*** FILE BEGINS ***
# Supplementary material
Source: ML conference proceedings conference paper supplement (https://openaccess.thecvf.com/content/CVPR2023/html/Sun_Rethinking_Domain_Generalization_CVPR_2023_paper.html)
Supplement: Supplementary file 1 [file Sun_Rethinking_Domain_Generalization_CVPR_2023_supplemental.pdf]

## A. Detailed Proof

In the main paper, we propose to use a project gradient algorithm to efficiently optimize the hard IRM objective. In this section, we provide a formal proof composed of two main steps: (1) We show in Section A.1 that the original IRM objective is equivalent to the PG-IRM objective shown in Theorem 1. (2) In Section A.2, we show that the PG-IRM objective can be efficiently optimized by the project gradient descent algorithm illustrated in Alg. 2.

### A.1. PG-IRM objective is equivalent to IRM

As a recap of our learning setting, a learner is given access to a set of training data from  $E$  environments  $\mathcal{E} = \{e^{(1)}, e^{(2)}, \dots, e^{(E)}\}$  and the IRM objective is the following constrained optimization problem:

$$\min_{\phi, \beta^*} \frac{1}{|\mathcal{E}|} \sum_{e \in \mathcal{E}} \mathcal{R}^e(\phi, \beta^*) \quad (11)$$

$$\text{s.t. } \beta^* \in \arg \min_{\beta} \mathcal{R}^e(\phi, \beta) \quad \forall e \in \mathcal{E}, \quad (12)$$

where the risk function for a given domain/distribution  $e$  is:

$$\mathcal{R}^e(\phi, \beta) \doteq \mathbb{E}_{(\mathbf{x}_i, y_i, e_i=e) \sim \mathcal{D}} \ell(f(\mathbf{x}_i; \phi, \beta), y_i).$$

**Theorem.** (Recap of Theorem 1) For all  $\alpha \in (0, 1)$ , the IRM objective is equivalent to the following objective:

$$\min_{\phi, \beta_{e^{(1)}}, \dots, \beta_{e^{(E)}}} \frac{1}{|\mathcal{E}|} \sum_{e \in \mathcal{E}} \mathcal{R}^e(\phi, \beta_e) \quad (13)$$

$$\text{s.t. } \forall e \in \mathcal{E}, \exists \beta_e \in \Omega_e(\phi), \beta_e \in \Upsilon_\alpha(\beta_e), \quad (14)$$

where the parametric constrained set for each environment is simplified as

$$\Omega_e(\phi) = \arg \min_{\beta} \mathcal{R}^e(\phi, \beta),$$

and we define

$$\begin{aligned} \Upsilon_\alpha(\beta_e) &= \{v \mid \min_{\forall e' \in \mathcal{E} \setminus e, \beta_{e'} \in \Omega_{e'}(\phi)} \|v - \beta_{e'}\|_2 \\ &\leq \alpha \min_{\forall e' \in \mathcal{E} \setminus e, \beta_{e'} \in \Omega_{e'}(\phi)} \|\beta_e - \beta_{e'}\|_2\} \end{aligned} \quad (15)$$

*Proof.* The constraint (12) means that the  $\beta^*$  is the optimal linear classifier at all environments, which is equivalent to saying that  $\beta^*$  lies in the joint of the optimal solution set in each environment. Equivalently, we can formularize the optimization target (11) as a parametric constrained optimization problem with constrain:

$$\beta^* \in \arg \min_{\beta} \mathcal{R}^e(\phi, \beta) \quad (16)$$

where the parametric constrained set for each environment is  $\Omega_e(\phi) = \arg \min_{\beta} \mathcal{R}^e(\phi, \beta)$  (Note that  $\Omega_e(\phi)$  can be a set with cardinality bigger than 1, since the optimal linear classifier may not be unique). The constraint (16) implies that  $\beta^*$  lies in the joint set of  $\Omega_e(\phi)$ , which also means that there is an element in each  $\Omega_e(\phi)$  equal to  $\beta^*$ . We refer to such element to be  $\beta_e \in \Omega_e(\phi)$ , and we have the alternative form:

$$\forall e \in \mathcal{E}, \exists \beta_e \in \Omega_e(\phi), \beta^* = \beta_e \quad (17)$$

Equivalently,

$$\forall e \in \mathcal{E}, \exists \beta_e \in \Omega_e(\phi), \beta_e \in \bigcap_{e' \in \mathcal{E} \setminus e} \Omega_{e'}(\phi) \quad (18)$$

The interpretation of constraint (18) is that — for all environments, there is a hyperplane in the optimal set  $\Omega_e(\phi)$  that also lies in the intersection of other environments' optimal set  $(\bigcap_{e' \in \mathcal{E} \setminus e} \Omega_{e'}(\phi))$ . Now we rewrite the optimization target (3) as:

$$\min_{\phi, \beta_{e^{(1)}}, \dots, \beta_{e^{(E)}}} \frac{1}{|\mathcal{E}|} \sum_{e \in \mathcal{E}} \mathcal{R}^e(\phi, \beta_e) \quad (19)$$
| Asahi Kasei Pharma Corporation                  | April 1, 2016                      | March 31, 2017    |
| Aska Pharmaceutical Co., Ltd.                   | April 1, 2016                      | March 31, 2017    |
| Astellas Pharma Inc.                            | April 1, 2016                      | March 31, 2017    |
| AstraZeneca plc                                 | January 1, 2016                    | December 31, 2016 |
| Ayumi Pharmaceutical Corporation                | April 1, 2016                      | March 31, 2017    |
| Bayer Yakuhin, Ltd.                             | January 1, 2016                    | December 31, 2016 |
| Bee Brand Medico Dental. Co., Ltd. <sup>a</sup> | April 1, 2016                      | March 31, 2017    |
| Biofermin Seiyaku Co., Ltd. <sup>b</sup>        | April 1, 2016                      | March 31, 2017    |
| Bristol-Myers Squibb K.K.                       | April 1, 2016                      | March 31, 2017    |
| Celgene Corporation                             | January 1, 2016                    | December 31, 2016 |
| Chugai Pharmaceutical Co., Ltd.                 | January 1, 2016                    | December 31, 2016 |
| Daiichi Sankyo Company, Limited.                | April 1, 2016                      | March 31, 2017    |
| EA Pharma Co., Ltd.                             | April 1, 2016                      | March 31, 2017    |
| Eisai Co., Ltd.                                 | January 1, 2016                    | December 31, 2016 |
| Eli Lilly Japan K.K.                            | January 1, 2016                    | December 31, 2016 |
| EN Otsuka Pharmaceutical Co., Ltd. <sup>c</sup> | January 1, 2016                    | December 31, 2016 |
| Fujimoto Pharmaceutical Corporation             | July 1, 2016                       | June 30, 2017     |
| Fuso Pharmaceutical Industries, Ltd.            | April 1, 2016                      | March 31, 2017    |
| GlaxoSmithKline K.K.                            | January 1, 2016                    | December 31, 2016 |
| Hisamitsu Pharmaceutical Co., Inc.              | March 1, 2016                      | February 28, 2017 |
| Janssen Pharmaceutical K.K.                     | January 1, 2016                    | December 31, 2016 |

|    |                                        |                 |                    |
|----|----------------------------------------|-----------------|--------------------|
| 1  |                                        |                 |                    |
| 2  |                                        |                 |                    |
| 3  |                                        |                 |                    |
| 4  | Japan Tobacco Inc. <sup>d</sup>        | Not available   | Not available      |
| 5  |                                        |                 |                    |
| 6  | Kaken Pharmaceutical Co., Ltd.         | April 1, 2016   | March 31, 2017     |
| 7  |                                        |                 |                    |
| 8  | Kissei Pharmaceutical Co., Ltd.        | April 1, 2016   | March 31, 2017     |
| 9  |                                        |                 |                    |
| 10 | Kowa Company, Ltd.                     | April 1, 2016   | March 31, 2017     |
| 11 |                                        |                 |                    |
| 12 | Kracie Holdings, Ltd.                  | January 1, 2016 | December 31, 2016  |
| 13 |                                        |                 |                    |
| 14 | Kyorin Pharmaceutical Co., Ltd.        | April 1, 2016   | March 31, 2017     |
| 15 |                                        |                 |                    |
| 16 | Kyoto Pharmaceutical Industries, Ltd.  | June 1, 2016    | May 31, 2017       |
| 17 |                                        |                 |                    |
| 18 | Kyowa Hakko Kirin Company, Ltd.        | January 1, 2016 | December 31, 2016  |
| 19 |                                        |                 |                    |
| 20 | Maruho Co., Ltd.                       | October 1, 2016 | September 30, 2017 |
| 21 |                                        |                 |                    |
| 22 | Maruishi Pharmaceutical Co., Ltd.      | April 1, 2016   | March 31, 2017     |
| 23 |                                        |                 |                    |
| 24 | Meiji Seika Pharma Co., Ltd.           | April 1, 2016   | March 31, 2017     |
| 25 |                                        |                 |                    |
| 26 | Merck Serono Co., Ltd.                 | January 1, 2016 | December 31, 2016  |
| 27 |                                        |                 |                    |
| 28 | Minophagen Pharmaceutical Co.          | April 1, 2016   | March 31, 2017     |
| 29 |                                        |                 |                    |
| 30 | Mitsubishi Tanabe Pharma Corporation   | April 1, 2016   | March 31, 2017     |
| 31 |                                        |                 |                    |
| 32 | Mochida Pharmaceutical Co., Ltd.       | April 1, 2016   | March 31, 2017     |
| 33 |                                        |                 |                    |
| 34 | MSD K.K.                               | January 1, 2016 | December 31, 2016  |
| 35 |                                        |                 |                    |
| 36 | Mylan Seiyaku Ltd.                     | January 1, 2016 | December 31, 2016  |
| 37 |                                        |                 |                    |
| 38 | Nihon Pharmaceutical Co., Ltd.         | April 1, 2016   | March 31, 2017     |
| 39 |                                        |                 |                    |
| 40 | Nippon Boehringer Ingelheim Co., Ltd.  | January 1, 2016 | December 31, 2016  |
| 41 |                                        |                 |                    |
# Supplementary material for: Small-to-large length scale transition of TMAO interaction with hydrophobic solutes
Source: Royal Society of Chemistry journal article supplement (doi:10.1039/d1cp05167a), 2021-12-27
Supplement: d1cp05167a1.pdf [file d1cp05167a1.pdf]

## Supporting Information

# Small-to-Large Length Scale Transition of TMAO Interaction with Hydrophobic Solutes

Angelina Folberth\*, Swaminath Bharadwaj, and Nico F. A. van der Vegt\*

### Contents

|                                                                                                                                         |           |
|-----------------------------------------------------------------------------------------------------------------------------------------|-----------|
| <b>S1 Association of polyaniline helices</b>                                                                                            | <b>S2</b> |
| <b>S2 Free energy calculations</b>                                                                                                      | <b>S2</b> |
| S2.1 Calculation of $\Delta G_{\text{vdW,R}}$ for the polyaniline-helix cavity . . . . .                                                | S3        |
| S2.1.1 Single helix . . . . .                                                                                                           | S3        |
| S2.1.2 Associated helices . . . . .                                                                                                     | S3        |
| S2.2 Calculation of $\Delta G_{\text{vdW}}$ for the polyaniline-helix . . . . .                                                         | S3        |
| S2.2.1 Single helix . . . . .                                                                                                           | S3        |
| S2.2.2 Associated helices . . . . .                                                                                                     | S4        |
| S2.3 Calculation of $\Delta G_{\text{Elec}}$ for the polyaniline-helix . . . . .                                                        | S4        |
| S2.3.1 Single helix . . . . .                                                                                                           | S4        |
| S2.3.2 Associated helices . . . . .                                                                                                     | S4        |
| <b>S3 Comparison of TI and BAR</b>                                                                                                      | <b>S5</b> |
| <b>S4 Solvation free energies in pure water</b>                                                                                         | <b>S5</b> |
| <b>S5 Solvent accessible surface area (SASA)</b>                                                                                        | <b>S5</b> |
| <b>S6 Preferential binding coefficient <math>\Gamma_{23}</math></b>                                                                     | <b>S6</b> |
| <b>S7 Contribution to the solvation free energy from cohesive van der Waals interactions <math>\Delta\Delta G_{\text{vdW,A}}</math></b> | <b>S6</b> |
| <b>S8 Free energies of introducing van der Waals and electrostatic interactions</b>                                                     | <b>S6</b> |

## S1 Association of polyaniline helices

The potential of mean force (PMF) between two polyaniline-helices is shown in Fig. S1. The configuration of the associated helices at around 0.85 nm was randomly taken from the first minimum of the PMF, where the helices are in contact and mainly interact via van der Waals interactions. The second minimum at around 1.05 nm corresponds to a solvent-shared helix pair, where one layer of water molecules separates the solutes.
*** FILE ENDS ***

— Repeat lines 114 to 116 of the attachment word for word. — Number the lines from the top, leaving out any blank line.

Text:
| <b>S6 Preferential binding coefficient <math>\Gamma_{23}</math></b>                                                                     | <b>S6</b> |
| <b>S7 Contribution to the solvation free energy from cohesive van der Waals interactions <math>\Delta\Delta G_{\text{vdW,A}}</math></b> | <b>S6</b> |
| <b>S8 Free energies of introducing van der Waals and electrostatic interactions</b>                                                     | <b>S6</b> |